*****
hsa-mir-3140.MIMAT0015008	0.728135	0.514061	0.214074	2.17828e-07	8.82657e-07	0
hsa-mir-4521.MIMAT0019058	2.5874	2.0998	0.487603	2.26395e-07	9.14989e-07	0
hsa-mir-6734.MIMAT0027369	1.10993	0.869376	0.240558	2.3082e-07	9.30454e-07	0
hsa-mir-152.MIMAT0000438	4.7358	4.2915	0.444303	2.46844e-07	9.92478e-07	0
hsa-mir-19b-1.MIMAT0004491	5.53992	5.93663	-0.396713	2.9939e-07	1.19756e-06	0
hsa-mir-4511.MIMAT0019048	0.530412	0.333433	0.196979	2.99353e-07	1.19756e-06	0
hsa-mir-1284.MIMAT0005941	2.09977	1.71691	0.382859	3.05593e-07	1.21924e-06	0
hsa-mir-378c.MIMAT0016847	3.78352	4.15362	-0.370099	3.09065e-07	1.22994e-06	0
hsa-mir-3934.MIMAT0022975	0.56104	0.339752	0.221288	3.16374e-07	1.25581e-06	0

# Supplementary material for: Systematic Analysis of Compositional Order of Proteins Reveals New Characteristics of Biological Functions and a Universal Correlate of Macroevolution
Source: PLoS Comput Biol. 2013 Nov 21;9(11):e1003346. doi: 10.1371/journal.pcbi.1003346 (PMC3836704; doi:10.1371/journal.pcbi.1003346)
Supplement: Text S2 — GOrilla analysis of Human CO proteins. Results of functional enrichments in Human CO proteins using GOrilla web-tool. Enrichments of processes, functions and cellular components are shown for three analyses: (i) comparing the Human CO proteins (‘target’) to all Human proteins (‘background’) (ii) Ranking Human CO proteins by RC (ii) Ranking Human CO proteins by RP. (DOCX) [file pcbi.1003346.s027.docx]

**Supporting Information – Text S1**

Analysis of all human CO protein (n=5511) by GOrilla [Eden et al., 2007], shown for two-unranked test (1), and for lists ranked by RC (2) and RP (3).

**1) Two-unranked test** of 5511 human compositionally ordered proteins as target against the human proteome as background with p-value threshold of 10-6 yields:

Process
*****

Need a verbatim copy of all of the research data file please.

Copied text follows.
hsa-mir-3140.MIMAT0015008	0.728135	0.514061	0.214074	2.17828e-07	8.82657e-07	0
hsa-mir-4521.MIMAT0019058	2.5874	2.0998	0.487603	2.26395e-07	9.14989e-07	0
hsa-mir-6734.MIMAT0027369	1.10993	0.869376	0.240558	2.3082e-07	9.30454e-07	0
hsa-mir-152.MIMAT0000438	4.7358	4.2915	0.444303	2.46844e-07	9.92478e-07	0
hsa-mir-19b-1.MIMAT0004491	5.53992	5.93663	-0.396713	2.9939e-07	1.19756e-06	0
hsa-mir-4511.MIMAT0019048	0.530412	0.333433	0.196979	2.99353e-07	1.19756e-06	0
hsa-mir-1284.MIMAT0005941	2.09977	1.71691	0.382859	3.05593e-07	1.21924e-06	0
hsa-mir-378c.MIMAT0016847	3.78352	4.15362	-0.370099	3.09065e-07	1.22994e-06	0
hsa-mir-3934.MIMAT0022975	0.56104	0.339752	0.221288	3.16374e-07	1.25581e-06	0

# Supplementary material for: Systematic Analysis of Compositional Order of Proteins Reveals New Characteristics of Biological Functions and a Universal Correlate of Macroevolution
Source: PLoS Comput Biol. 2013 Nov 21;9(11):e1003346. doi: 10.1371/journal.pcbi.1003346 (PMC3836704; doi:10.1371/journal.pcbi.1003346)
Supplement: Text S2 — GOrilla analysis of Human CO proteins. Results of functional enrichments in Human CO proteins using GOrilla web-tool. Enrichments of processes, functions and cellular components are shown for three analyses: (i) comparing the Human CO proteins (‘target’) to all Human proteins (‘background’) (ii) Ranking Human CO proteins by RC (ii) Ranking Human CO proteins by RP. (DOCX) [file pcbi.1003346.s027.docx]

**Supporting Information – Text S1**

Analysis of all human CO protein (n=5511) by GOrilla [Eden et al., 2007], shown for two-unranked test (1), and for lists ranked by RC (2) and RP (3).

**1) Two-unranked test** of 5511 human compositionally ordered proteins as target against the human proteome as background with p-value threshold of 10-6 yields:

Process